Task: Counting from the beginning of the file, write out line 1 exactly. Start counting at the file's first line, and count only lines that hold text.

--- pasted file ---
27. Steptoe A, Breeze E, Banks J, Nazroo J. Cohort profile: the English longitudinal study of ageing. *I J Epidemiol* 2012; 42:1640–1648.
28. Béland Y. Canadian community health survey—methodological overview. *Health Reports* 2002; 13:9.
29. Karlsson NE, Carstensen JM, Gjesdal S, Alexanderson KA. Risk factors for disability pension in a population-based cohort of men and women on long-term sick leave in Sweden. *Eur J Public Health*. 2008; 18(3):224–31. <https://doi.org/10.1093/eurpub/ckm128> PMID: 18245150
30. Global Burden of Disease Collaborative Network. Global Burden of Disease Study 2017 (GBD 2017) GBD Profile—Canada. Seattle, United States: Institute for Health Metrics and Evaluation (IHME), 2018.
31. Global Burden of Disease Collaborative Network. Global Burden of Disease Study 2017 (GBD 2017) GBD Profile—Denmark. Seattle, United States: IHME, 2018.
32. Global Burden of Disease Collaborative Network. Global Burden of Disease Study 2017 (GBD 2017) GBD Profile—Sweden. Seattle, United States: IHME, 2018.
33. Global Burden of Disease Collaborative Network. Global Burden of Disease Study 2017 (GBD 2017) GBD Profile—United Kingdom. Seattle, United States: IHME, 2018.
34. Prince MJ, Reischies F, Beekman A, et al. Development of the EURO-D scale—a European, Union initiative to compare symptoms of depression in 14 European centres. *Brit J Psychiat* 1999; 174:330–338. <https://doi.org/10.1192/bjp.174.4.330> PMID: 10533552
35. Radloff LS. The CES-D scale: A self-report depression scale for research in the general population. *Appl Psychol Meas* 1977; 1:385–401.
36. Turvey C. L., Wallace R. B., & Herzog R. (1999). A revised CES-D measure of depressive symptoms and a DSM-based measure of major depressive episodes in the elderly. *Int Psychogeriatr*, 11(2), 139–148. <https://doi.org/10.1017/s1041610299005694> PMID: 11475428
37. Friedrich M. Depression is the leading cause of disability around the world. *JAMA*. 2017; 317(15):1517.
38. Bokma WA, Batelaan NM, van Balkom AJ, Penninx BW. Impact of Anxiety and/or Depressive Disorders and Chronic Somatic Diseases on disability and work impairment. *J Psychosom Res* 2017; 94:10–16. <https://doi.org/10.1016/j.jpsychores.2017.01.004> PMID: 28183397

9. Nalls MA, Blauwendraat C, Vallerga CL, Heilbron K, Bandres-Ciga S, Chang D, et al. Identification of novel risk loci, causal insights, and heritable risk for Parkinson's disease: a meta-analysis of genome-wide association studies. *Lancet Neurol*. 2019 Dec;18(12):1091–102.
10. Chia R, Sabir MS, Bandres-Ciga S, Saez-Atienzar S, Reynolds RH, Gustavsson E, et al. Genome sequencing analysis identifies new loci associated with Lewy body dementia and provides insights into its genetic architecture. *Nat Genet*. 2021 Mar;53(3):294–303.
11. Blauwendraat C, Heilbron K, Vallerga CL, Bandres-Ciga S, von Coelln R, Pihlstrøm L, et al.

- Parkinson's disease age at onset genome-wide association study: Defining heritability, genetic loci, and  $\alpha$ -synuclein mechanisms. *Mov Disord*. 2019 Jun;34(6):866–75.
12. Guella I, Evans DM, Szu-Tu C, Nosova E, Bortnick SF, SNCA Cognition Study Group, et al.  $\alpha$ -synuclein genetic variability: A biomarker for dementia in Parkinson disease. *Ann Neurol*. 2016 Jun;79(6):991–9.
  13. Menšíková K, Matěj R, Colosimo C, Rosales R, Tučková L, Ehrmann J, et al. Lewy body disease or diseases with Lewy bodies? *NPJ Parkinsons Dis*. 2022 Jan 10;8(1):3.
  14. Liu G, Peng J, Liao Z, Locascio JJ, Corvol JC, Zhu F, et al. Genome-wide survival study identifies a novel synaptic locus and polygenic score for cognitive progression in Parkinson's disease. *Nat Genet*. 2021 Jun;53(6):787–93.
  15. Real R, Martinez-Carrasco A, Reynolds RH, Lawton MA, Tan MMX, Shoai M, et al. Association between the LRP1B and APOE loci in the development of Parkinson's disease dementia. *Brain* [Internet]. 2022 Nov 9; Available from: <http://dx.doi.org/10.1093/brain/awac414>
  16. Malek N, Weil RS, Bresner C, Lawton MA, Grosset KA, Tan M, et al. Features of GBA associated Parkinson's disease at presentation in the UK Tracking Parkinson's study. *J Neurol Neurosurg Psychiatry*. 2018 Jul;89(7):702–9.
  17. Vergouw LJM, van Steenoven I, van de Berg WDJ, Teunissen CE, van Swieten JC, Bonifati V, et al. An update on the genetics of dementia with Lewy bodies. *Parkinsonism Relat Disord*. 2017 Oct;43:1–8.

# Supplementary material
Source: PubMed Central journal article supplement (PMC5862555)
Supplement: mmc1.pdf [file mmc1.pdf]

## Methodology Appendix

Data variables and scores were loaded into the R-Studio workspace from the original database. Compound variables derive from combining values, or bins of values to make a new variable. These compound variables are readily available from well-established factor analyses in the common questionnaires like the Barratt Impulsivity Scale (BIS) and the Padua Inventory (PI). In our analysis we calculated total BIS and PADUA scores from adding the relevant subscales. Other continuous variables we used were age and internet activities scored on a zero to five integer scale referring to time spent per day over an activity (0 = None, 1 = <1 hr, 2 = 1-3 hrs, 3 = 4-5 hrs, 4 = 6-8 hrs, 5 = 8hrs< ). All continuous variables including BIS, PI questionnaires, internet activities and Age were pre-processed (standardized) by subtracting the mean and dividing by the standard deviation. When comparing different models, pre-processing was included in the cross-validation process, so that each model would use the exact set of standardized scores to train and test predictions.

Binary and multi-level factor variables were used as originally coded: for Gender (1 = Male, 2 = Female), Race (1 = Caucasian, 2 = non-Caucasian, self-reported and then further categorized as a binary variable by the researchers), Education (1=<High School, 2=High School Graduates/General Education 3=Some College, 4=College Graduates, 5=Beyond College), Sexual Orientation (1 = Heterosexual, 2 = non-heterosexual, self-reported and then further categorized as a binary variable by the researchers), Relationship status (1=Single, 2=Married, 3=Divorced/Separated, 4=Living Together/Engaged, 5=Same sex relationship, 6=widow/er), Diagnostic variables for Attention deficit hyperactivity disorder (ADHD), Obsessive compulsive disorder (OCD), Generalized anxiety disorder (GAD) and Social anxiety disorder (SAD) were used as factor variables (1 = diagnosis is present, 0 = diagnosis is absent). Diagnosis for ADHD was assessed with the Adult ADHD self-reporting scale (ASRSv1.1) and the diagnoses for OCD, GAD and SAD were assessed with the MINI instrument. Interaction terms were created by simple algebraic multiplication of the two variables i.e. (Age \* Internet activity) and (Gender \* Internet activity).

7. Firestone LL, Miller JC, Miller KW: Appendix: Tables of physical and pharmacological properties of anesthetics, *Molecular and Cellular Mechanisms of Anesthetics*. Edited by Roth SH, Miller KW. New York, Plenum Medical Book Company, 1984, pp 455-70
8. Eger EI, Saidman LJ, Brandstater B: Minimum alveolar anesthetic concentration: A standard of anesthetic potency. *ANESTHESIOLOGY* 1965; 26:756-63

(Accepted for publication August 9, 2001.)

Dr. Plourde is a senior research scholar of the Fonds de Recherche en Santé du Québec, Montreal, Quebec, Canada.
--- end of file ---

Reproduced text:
27. Steptoe A, Breeze E, Banks J, Nazroo J. Cohort profile: the English longitudinal study of ageing. *I J Epidemiol* 2012; 42:1640–1648.